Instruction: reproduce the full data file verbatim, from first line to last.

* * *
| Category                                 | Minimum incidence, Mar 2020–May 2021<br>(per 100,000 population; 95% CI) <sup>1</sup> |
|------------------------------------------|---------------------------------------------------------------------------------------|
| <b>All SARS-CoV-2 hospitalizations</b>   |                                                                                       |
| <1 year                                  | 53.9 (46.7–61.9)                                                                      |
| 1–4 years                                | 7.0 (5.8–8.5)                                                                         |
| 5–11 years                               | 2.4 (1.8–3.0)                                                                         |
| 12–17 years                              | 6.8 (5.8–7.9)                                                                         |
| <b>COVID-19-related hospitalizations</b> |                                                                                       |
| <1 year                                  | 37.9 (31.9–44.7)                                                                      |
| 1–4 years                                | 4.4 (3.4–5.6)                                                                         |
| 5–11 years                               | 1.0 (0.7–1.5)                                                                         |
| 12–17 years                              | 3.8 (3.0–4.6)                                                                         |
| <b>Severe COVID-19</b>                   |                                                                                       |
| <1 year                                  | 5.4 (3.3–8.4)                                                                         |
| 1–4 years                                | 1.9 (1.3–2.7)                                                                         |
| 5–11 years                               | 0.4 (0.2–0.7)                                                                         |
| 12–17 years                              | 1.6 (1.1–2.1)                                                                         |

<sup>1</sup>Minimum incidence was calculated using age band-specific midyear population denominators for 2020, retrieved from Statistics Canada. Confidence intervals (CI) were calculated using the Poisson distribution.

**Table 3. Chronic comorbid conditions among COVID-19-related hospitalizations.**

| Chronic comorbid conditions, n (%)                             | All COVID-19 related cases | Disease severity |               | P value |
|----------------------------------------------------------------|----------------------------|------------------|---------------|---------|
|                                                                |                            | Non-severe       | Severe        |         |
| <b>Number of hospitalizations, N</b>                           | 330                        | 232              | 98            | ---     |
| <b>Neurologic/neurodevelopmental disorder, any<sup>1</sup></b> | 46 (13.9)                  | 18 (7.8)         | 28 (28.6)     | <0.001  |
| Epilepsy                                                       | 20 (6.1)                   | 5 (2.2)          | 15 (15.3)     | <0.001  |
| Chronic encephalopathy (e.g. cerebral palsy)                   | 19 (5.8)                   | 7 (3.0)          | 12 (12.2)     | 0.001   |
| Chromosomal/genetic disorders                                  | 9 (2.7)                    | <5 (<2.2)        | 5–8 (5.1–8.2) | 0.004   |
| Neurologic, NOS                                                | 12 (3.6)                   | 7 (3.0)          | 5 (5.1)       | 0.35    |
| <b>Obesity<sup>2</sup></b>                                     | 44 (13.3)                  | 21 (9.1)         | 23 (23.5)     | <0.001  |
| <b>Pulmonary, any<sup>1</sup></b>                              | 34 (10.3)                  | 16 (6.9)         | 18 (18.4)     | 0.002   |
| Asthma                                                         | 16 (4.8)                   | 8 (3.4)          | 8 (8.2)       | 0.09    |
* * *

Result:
| Category                                 | Minimum incidence, Mar 2020–May 2021<br>(per 100,000 population; 95% CI) <sup>1</sup> |
|------------------------------------------|---------------------------------------------------------------------------------------|
| <b>All SARS-CoV-2 hospitalizations</b>   |                                                                                       |
| <1 year                                  | 53.9 (46.7–61.9)                                                                      |
| 1–4 years                                | 7.0 (5.8–8.5)                                                                         |
| 5–11 years                               | 2.4 (1.8–3.0)                                                                         |
| 12–17 years                              | 6.8 (5.8–7.9)                                                                         |
| <b>COVID-19-related hospitalizations</b> |                                                                                       |
| <1 year                                  | 37.9 (31.9–44.7)                                                                      |
| 1–4 years                                | 4.4 (3.4–5.6)                                                                         |
| 5–11 years                               | 1.0 (0.7–1.5)                                                                         |
| 12–17 years                              | 3.8 (3.0–4.6)                                                                         |
| <b>Severe COVID-19</b>                   |                                                                                       |
| <1 year                                  | 5.4 (3.3–8.4)                                                                         |
| 1–4 years                                | 1.9 (1.3–2.7)                                                                         |
| 5–11 years                               | 0.4 (0.2–0.7)                                                                         |
| 12–17 years                              | 1.6 (1.1–2.1)                                                                         |

<sup>1</sup>Minimum incidence was calculated using age band-specific midyear population denominators for 2020, retrieved from Statistics Canada. Confidence intervals (CI) were calculated using the Poisson distribution.

**Table 3. Chronic comorbid conditions among COVID-19-related hospitalizations.**

| Chronic comorbid conditions, n (%)                             | All COVID-19 related cases | Disease severity |               | P value |
|----------------------------------------------------------------|----------------------------|------------------|---------------|---------|
|                                                                |                            | Non-severe       | Severe        |         |
| <b>Number of hospitalizations, N</b>                           | 330                        | 232              | 98            | ---     |
| <b>Neurologic/neurodevelopmental disorder, any<sup>1</sup></b> | 46 (13.9)                  | 18 (7.8)         | 28 (28.6)     | <0.001  |
| Epilepsy                                                       | 20 (6.1)                   | 5 (2.2)          | 15 (15.3)     | <0.001  |
| Chronic encephalopathy (e.g. cerebral palsy)                   | 19 (5.8)                   | 7 (3.0)          | 12 (12.2)     | 0.001   |
| Chromosomal/genetic disorders                                  | 9 (2.7)                    | <5 (<2.2)        | 5–8 (5.1–8.2) | 0.004   |
| Neurologic, NOS                                                | 12 (3.6)                   | 7 (3.0)          | 5 (5.1)       | 0.35    |
| <b>Obesity<sup>2</sup></b>                                     | 44 (13.3)                  | 21 (9.1)         | 23 (23.5)     | <0.001  |
| <b>Pulmonary, any<sup>1</sup></b>                              | 34 (10.3)                  | 16 (6.9)         | 18 (18.4)     | 0.002   |
| Asthma                                                         | 16 (4.8)                   | 8 (3.4)          | 8 (8.2)       | 0.09    |